New York Gov. David Paterson last week called for legislative leaders to meet on Friday to take steps to deal with revenue and job losses in the state’s financial industry.

“We are in a profound economic crisis,” Paterson said in a press release. “We have already taken extraordinary action to contain state spending, but the events that unfolded in our state and nation over the last two weeks have created an urgent need for a reassessment of the current year’s budget and the planning for next year’s.”

In an interview on radio station WCBS, Paterson said he didn’t anticipate further budget cuts to state agencies. “There are other areas of the budget that we’re going to have to look [to] for spending reductions,” he said.

Paterson said they would try not to cut funding for counties but didn’t rule it out. “Everyone says, 'You have to cut but don’t come in my area,’ ” he said.  “We’re going to be in everybody’s area before this is over.”

This week the comptroller’s office will release updated numbers on the state’s finances, and next month officials will release new revenue estimates to go with a revised financial plan.

The state gets 20% of its revenue from the financial industry, making it particularly vulnerable in the current downturn. In August, the governor called on the Legislature to cut $600 million from the budget in a special session. Lawmakers came up with $427 million in cuts. Paterson said he wanted to begin developing a plan of action to be implemented by the end of the year.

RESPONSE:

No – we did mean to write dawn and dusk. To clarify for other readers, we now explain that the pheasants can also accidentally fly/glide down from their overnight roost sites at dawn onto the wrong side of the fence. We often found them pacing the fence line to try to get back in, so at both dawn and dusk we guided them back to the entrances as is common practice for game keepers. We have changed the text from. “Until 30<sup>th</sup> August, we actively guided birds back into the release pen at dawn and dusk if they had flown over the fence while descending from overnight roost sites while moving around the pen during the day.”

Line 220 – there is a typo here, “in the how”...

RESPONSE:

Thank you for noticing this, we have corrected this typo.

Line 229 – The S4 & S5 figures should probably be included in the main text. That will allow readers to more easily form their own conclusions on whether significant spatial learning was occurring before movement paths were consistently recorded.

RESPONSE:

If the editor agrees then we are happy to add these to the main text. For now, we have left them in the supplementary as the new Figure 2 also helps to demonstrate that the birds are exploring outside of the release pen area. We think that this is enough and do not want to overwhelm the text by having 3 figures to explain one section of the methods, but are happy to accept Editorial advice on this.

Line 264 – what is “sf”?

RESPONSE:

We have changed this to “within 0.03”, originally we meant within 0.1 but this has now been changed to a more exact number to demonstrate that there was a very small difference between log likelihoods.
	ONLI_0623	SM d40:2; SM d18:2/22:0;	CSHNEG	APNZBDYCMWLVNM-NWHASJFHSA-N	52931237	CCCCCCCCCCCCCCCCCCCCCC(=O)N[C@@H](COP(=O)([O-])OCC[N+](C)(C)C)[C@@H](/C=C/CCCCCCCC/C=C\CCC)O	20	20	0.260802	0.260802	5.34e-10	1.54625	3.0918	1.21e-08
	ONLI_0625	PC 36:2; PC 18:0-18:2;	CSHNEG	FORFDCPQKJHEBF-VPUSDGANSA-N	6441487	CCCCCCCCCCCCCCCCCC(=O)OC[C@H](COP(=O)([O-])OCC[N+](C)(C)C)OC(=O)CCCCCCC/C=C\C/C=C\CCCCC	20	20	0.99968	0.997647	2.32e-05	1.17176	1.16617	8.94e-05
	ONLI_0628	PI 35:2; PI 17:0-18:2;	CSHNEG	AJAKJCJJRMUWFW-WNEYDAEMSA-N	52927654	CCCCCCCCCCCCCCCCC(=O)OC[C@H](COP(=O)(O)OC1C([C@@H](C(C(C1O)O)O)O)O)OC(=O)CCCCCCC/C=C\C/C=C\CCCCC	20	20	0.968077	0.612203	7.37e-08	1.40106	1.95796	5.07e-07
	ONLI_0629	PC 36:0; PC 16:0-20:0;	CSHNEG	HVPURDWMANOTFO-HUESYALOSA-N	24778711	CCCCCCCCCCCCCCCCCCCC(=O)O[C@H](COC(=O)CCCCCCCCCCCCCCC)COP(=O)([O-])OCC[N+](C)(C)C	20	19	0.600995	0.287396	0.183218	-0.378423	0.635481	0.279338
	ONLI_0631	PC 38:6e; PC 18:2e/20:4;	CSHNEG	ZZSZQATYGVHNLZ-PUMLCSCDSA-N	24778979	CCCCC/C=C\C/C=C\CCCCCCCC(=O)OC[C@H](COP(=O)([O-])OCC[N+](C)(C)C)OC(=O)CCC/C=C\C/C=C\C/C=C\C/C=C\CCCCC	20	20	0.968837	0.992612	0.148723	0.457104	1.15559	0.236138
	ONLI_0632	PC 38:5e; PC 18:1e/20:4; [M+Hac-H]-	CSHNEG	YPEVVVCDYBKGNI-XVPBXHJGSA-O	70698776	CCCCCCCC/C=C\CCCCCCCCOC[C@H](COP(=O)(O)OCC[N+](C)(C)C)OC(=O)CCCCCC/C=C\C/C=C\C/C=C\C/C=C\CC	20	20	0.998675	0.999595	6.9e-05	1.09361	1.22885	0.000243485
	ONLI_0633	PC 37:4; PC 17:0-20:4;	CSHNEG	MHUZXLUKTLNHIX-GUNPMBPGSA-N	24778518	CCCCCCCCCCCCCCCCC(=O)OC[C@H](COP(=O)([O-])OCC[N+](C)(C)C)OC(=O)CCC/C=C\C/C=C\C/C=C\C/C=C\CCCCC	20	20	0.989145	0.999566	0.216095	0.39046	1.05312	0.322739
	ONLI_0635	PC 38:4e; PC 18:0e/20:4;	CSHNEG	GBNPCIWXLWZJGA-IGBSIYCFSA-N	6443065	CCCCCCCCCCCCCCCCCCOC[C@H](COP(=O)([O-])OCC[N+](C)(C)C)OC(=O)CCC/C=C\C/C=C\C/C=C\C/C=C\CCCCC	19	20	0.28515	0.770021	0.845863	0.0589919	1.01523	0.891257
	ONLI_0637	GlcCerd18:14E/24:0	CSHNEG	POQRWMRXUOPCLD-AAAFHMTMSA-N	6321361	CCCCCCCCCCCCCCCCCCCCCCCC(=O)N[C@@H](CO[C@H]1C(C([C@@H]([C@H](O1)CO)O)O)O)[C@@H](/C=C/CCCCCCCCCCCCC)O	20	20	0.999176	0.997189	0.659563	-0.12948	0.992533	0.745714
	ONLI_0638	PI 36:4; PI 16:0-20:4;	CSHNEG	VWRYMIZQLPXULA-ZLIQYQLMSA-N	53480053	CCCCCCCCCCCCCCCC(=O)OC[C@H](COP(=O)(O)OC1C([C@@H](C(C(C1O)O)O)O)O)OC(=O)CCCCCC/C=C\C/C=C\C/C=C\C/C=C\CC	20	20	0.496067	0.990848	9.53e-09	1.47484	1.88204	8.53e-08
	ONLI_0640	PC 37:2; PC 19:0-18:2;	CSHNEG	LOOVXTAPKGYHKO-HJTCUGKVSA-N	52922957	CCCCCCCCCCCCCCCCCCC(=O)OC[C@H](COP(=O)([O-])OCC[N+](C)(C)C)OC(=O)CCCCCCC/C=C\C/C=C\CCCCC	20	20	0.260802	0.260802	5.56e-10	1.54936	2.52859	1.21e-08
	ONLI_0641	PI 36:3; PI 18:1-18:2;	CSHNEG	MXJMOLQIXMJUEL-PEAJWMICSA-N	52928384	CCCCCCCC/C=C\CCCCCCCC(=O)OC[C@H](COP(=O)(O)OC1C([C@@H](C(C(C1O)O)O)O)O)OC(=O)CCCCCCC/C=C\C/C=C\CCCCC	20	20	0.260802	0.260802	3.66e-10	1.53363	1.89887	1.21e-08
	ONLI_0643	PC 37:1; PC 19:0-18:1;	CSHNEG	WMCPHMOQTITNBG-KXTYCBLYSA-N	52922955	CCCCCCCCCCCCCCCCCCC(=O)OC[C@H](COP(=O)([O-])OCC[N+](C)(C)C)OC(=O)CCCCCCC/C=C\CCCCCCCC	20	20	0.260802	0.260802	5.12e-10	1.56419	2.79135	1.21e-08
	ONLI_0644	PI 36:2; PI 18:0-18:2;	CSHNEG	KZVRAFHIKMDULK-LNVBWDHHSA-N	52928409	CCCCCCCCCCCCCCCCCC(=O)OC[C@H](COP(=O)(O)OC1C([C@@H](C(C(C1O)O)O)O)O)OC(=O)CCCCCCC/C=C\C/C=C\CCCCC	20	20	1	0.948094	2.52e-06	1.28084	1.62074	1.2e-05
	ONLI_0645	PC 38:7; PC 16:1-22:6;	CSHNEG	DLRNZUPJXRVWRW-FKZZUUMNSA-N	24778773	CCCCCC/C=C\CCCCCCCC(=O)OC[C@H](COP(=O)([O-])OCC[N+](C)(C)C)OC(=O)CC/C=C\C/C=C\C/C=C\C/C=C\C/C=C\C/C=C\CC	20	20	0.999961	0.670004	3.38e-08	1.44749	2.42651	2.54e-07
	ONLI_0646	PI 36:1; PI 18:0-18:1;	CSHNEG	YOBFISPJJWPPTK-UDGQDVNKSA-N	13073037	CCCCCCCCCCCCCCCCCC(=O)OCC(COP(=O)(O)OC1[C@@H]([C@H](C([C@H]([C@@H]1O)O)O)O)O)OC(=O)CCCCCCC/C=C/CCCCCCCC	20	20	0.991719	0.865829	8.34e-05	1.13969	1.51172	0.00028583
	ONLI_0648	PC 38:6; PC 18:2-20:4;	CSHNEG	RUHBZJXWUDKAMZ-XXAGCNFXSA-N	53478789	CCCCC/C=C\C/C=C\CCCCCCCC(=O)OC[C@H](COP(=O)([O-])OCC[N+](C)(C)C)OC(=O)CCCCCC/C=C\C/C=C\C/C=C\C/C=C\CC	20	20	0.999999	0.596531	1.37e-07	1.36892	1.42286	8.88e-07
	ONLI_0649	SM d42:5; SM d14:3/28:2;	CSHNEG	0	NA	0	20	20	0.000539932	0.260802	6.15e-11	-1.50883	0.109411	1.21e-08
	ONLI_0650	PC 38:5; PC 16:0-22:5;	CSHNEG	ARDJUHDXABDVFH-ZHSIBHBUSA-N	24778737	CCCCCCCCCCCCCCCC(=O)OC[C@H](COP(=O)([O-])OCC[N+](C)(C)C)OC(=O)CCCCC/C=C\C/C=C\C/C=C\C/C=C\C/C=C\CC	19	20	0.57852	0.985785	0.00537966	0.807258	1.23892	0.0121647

Paterson’s call came days after New York City budget director Mark Page directed city agencies to cut $516 million in the current fiscal year and $1.05 billion next year. The cuts are to be recurring and proposals are due on Oct. 8.

“It has become increasingly clear that our forecast future deficits will not be cured, as has been the case for the last few years, by an improvement in the forecasts and higher than expected revenues,” Page wrote in a letter to agency heads. “The credit crunch which began over a year ago has worsened, and has led to increasingly serious losses on Wall Street.”

The city gets about 9% of its revenue from the financial sector.

Mayor Michael Bloomberg last week said that cuts in city jobs were not imminent and that a 7% property tax cut due to expire at the end of June might expire in January instead, according to published accounts.

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